When it was first released in 1993, Doom was designed for computers running MS-DOS software. But game developer id Software later released the source code, and Doom has been ported to run on all sorts of other platforms, including some very surprising devices.

One of the latest, most impressive examples? You can run Doom on a smart light bulb… kind of.

As documented in an article at next-hack, developers found an Ikea TRÅDFRI LED smart bulb featuring by a microcontroller with enough horsepower to handle the first-person shooter. But the developers had to pare down the software’s memory requirements and add a bit of external hardware to complete the project. Still, the end result is DOOM running on a system powered the beating heart of a light bulb.

In other words, an $18 light bulb today has processing power that’s roughly equivalent to what you’d have gotten from a $1,000 PC three decades ago… at least for some tasks.

That said, it takes a lot of work to actually get the game up and running on the smart bulb’s hardware.

Update: The next-hack article, GitHub repository, HackADay.io project, and YouTube video have all been removed for some reason, but you can see what the website previously looked like via the Internet Archive. Liliputing’s original article continues below. 

The lamp has an 80 MHz ARM Cortex-M33 processor with 108 kb of total memory and 1MB of flash storage. That’s not enough RAM for most ports of DOOM, so the developer had to heavily modify the source code in order to make a version of the game that’s playable on the hardware. And since there’s not enough storage space for the game files, some external storage had to be added.

Of course, the lamp also doesn’t have a display or input device. So the team had to crack open the bulb, extract the microcontroller board, connect it to a DIY breakout board, and use that to attach a homemade game controller and a 1.8 inch, 160 x 128 pixel display.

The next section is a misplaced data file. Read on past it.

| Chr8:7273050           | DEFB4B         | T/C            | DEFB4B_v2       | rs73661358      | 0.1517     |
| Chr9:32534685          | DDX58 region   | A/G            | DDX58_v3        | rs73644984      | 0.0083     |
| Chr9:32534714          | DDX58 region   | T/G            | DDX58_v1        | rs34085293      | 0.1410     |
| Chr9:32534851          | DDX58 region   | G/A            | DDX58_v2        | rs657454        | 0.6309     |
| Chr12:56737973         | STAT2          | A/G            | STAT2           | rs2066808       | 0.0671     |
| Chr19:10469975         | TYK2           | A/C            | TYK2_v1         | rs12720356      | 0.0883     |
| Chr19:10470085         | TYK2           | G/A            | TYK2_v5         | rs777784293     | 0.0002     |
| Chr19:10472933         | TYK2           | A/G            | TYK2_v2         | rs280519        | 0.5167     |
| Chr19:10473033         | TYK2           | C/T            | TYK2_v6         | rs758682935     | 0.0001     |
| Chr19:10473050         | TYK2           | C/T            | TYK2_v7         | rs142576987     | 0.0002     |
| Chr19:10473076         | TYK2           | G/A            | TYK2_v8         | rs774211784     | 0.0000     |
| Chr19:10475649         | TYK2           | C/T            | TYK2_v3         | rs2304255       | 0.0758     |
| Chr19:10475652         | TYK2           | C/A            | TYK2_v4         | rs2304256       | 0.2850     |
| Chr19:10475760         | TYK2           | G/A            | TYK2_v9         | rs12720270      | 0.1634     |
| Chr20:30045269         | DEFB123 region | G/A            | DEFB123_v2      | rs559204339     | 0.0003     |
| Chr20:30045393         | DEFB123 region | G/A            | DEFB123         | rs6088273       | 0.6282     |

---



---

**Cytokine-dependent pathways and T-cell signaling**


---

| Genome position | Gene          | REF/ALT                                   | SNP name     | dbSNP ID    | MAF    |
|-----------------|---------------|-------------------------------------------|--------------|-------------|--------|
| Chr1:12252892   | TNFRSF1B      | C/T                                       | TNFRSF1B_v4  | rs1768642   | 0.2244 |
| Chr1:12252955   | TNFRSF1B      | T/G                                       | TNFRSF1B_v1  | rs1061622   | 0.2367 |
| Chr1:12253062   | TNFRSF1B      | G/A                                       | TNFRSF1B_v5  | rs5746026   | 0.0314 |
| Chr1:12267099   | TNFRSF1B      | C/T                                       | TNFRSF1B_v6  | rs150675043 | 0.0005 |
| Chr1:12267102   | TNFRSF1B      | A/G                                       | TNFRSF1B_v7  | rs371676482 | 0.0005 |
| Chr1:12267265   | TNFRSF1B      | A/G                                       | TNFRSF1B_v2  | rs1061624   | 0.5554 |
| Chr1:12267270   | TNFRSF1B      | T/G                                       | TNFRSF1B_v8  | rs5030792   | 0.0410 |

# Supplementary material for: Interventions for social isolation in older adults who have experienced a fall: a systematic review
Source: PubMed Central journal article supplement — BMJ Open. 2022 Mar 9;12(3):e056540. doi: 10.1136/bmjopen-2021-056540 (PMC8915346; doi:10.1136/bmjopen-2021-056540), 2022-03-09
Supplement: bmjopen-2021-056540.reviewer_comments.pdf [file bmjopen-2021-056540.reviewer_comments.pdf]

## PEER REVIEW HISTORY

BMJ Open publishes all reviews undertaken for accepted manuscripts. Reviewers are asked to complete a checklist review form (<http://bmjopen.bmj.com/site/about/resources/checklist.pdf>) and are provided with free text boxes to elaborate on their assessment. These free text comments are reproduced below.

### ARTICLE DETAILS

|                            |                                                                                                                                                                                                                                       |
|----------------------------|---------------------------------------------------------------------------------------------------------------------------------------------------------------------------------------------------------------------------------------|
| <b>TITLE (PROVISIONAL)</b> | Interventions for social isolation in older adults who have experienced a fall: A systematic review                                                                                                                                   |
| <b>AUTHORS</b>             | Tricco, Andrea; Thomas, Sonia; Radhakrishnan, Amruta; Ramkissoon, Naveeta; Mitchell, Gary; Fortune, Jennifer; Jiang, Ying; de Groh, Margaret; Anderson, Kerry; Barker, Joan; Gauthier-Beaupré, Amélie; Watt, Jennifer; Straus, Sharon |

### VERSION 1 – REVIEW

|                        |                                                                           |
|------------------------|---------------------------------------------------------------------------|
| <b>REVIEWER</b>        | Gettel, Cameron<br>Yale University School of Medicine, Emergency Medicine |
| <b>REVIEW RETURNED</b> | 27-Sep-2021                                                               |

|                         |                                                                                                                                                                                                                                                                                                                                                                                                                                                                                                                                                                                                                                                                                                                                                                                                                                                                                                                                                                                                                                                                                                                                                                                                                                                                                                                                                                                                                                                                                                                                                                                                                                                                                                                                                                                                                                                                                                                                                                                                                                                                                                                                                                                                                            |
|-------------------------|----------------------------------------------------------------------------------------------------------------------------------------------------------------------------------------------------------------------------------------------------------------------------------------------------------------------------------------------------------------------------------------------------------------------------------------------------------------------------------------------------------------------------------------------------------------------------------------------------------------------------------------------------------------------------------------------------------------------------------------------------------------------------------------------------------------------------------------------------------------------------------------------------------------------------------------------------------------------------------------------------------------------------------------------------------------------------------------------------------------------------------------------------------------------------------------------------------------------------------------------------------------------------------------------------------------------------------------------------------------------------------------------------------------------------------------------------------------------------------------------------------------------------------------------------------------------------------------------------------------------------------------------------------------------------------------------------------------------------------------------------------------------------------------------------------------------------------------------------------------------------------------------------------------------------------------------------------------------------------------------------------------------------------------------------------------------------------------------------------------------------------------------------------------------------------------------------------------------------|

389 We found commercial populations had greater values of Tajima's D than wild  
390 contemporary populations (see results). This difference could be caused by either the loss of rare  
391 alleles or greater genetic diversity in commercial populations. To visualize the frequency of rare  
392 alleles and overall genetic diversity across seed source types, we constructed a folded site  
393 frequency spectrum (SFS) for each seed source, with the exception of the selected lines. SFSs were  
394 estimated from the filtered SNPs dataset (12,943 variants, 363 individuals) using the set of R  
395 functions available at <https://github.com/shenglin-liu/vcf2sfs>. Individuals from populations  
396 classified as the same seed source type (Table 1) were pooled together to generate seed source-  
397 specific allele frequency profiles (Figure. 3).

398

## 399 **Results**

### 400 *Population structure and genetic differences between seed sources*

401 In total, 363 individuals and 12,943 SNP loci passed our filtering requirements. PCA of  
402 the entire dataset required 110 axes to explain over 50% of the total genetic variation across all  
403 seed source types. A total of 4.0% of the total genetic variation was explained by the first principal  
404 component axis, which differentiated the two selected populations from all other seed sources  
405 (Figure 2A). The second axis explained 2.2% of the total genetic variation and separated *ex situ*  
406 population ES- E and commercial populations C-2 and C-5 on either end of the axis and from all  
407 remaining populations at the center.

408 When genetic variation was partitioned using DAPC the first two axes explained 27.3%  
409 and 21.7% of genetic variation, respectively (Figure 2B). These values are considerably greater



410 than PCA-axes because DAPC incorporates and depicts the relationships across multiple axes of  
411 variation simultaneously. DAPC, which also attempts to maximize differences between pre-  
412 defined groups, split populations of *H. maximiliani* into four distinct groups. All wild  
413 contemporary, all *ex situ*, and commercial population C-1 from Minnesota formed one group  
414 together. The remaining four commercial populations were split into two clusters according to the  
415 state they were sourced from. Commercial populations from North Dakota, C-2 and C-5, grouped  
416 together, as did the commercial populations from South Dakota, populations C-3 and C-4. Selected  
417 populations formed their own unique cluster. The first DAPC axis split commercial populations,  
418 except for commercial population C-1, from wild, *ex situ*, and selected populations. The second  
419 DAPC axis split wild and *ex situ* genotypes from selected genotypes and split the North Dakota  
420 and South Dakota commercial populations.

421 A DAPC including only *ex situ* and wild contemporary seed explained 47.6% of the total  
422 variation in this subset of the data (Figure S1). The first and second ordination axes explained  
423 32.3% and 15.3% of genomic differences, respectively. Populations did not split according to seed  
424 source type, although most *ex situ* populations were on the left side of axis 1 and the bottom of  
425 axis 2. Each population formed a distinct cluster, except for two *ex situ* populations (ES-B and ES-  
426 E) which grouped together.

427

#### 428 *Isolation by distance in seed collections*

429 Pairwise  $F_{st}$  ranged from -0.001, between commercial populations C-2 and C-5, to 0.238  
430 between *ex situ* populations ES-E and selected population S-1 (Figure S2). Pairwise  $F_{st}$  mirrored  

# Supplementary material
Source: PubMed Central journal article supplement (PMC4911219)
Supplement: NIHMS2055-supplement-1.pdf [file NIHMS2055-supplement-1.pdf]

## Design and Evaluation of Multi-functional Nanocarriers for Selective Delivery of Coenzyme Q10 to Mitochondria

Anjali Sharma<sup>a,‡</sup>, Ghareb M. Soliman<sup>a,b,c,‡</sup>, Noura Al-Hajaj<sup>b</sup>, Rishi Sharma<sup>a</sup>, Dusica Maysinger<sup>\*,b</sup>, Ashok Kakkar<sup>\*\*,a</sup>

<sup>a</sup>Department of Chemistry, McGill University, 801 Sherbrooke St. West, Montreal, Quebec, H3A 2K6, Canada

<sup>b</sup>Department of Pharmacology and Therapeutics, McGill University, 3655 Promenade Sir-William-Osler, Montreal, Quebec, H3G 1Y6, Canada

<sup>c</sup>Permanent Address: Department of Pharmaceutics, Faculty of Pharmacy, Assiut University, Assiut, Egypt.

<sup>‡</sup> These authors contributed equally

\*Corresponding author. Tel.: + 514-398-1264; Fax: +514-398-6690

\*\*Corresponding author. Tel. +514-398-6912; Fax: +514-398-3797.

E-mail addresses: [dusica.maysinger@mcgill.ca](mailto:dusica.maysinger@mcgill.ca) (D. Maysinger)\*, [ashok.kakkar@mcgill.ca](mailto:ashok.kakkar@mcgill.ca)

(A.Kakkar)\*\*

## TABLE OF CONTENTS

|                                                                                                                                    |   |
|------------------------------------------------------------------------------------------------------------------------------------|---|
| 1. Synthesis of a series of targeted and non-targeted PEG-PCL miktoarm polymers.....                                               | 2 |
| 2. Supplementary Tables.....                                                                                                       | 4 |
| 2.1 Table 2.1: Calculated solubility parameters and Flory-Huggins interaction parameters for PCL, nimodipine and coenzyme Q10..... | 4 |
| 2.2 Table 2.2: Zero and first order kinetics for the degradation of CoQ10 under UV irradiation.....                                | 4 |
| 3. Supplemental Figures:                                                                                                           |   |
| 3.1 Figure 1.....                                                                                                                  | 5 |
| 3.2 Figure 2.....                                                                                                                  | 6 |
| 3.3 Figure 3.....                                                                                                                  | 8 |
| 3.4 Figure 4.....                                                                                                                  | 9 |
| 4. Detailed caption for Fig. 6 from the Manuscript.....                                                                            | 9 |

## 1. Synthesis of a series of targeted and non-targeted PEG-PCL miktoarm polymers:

The end result is a fully playable, if not particularly pretty, version of DOOM running on the beating heart of a light bulb.

Unfortunately you pretty much have to demolish the light bulb itself to get the game up and running. Transforming it into a small, cheap game console is pretty cool. But it also means that you probably won’t be using your light bulb to illuminate your home anymore.

You can find more details about the whole project at GitHub, the Next-Hack website, and HackADay.

via Hacker News and /r/itrunsdoom

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  1. Looks like they made the video private.
    I wouldn’t have expected that, being, presumably, a technical demonstration of consumer electronics. And containing such useful information, I can’t help but find that annoying, even though the reasons why are none of my business.

  2. I think they are using unnecessarily powerful microcontrollers for these devices 😀 Like “Pinecil” by PINE64 😀 Its just a power delivery soldering iron but it has an even more powerful RISC-V microcontroller than this .. at least its meant for open source developement 😀 I understand that its much cheaper for ikea than making their own ultra-low power ASIC but damn 😀